- The Washington Times - Sunday, January 14, 2007

This is a story about an international organization — The Tax Justice Network (TJN) — that advocates higher taxes, yet flies under the false label of “tax justice.”

Its odd concept of tax justice includes:

Increasing taxes on savings and productive investment, which will destroy jobs and economic opportunity.

Demanding that more efficient and less corrupt governments increase their taxes to the level of some of the less efficient and more corrupt governments.

Not allowing people who live under high tax, corrupt and incompetent governments to move their assets to low tax, uncorrupt jurisdictions that will protect them.

Insisting that people pay taxes on illusory gains caused by government induced inflation.

And, demanding that people who work longer and harder pay not just more taxes, but also higher tax rates than the lazy and less competent.

One of the TJN’s best-known leaders, Richard Murphy of Britain, recently chided an official of the Isle of Jersey (a low-tax jurisdiction) for refusing his offer of a debate. Whereupon, Dan Mitchell, a senior fellow at the Heritage Foundation and a highly regarded tax economist, challenged Mr. Murphy to a debate. Mr. Murphy initially agreed, but demanded Mr. Mitchell debate in London or Jersey (Isle of), and pay all of the expenses for the debate, including Mr. Murphy’s.

Mr. Mitchell agreed, and then Mr. Murphy reneged — with the laughable excuse that Mr. Mitchell had not provided him with private financial information about thousands of Heritage Foundation donors (information Mr. Mitchell did not have or, if he did, ethically could not disclose).

Mr. Murphy and his “Network” colleagues are funded by labor unions, Fabian socialist sympathizers and activists and indirectly by unaccountable international organizations that directly benefit from big governments with high tax policies yet oppose personal privacy of private citizens.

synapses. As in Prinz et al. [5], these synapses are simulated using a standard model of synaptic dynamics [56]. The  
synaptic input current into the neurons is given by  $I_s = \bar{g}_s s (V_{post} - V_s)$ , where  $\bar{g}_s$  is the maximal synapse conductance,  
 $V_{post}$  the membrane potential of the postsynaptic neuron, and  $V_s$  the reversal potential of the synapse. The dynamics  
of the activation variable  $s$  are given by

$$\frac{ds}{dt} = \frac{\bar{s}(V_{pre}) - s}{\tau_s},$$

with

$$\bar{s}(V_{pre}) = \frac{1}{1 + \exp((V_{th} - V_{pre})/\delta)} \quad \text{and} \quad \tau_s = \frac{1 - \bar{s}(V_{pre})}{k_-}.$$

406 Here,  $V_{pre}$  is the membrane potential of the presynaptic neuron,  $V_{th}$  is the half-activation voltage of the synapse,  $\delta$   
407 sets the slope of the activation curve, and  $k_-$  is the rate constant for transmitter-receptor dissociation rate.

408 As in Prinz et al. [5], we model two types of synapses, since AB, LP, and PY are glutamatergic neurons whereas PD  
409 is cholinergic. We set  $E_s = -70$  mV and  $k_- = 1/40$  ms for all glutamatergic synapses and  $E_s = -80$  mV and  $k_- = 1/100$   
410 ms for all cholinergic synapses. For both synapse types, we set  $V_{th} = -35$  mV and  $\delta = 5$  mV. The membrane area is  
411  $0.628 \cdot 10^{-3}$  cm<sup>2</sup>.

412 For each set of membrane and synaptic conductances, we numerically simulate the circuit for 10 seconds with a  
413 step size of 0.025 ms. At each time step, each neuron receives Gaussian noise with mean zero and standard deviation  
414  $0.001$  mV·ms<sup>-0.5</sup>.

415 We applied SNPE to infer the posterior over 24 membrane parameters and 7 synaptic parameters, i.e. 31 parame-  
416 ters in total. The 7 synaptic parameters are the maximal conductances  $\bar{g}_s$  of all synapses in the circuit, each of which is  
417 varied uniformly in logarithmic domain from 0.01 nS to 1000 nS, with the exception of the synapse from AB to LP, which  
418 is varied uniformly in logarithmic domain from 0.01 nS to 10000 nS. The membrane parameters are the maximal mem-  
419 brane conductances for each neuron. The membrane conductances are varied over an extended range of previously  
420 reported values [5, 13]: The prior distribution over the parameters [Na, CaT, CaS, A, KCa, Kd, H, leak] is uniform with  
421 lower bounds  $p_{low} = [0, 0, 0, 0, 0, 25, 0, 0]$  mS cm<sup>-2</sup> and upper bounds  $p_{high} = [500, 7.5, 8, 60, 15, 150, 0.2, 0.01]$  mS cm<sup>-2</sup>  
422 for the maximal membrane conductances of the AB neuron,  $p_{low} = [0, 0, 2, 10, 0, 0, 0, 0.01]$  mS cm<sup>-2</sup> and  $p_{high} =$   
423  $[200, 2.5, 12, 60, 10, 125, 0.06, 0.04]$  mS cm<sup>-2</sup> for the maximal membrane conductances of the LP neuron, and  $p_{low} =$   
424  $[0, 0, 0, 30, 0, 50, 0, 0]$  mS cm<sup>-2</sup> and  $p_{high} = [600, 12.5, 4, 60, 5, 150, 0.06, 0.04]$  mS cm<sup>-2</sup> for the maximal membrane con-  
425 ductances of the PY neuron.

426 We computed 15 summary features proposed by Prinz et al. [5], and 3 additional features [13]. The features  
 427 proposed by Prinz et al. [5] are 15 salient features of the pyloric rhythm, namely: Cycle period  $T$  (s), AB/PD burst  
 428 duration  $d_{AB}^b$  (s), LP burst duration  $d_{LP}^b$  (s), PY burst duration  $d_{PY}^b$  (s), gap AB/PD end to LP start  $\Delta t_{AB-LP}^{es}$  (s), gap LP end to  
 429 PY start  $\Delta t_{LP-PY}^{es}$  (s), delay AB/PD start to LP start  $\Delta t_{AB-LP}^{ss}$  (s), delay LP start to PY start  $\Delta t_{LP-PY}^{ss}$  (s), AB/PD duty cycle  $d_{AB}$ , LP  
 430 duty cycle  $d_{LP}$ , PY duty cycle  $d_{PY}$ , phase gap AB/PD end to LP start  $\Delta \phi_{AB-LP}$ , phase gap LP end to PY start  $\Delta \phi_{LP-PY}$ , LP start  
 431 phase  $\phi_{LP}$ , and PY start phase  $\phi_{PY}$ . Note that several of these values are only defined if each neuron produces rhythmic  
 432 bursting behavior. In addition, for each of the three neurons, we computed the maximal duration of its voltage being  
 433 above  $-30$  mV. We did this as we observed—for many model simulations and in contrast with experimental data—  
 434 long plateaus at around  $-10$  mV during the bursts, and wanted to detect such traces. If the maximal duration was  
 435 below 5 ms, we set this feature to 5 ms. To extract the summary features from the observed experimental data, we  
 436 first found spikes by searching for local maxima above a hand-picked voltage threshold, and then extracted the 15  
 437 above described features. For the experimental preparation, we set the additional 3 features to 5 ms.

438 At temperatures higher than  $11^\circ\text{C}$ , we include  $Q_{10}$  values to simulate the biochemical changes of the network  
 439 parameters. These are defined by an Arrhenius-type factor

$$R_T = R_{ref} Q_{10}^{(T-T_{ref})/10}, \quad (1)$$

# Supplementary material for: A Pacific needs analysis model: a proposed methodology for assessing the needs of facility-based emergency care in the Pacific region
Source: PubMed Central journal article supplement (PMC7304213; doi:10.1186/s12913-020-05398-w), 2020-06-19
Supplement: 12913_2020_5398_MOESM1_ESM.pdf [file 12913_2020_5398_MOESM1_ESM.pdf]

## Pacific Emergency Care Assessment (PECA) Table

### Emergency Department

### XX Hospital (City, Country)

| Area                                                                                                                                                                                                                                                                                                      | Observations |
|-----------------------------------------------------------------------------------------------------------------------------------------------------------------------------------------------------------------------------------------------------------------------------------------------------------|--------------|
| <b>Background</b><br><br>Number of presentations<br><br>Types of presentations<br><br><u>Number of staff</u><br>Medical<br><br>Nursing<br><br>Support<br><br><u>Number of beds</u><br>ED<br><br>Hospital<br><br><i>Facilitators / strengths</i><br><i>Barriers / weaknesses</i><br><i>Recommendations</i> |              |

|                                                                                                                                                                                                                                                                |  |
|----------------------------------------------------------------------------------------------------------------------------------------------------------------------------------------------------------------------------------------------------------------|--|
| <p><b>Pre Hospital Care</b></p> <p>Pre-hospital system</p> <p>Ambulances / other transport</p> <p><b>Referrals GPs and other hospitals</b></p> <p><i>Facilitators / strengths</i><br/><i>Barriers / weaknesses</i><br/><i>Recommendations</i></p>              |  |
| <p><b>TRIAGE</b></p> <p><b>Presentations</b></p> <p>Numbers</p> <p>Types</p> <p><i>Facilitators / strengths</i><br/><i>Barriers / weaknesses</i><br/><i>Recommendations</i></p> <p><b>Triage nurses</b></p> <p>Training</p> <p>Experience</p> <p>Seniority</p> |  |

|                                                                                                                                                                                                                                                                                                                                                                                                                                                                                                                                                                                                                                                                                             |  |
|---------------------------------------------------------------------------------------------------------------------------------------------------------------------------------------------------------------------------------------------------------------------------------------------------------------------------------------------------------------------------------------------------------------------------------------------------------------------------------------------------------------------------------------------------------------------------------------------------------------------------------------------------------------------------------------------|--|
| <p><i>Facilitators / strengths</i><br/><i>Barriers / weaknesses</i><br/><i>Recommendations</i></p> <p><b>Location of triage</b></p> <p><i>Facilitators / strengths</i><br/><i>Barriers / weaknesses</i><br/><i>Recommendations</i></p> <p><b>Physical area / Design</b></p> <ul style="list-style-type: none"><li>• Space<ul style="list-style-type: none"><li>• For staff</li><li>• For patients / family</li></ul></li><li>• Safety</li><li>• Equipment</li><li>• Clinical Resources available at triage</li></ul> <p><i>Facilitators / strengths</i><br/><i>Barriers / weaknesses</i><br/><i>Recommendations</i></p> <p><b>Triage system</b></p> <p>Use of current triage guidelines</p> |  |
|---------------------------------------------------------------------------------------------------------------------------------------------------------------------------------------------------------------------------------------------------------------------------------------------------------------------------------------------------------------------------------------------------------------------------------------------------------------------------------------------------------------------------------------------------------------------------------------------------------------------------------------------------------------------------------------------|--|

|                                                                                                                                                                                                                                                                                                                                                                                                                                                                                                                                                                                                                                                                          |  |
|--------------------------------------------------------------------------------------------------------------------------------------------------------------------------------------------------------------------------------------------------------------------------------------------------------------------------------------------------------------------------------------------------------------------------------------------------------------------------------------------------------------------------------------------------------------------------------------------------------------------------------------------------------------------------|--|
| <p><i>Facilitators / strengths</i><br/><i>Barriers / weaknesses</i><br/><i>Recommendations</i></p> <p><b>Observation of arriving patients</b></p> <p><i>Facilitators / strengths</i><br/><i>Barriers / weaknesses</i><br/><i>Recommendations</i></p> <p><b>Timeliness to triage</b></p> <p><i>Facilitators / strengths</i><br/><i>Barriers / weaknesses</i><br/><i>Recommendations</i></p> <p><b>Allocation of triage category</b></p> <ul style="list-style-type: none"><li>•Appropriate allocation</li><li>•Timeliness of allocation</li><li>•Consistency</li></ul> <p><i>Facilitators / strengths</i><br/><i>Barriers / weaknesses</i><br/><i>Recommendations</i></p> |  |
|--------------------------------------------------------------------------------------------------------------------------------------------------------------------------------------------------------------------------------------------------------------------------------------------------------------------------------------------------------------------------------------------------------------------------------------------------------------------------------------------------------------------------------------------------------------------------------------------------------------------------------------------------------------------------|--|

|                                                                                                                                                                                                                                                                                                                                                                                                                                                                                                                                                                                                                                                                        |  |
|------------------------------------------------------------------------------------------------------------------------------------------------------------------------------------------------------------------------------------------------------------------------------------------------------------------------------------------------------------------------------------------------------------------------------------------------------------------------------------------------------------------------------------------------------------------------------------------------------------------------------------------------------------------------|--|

Clearly, Mr. Murphy was afraid (and I think rightly so) that Mr. Mitchell would expose the fallacies and hypocrisies that are TJN’s stock in trade.

The U.S. branch of the Tax Justice Network, “Citizens for Tax Justice” (CTJ), was founded by and has been funded by big labor. (Polls show most union members favor lower taxes, yet their dues are spent involuntarily by the labor bosses to fund an organization that promotes tax increases.)

CTJ works closely with the Democratic Party, and according to its own Web site, which scores members of Congress based on who is in favor of tax increases, gives most Republicans an “F” and most Democrats an “A.”

CTJ vigorously opposed both the Reagan and Bush tax rate reductions, which in each case turned out to be the economic locomotives for record-setting generation of high-paying jobs.

The officials at TJN claim they are trying to help the world’s poor, but in fact their high-tax, big government spending agenda has been demonstrated time and time again to do just the opposite. Despite their language of compassion, they are really about shifting money and power from the productive private sector to government and international organization bureaucrats.

Their rhetoric is designed to appeal to economic illiterates. For instance, they want higher taxes on corporations, assuming their target audience is too dumb to understand a corporation is only a legal form of business. These higher corporate taxes would be paid by customers in higher prices, stockholders in lower returns, and workers in fewer and lower-paid jobs. So much for compassion.

TJN and CTJ support higher capital-gains taxes, yet in many cases the so-called gain is nothing more than a reflection of inflation caused by excessive money creation by government. Taxing people on gains due to inflation is nothing more than fraud even though it is committed by government, yet somehow TJN considers this “just.” The TJN uses time-worn socialist rhetoric, such as saying it is “opposed” to “individualism” and “profit-motivated professionals.”

Finally, TJN and CTJ strongly oppose tax competition between countries and between the states within the U.S. Many Nobel Prize-winning economists, such as Milton Friedman, Gary Becker, James Buchanan and Vernon Smith, have spoken and written of the importance of tax competition for economic growth and opportunity, human liberty, and civil society.

Without tax competition, governments would abuse their power to tax and spend even more than they do now. Tax competition pressures governments to manage their financial affairs more responsibly, and leads to less government waste and mismanagement.

It is a fundamental human right for people to be able to flee, both physically and financially, oppressive high-tax regimes. TJN seeks to deny people that basic human right in the name of “justice.”

Richard W. Rahn is director general of the Center for Global Economic Growth, a project of the FreedomWorks Foundation.

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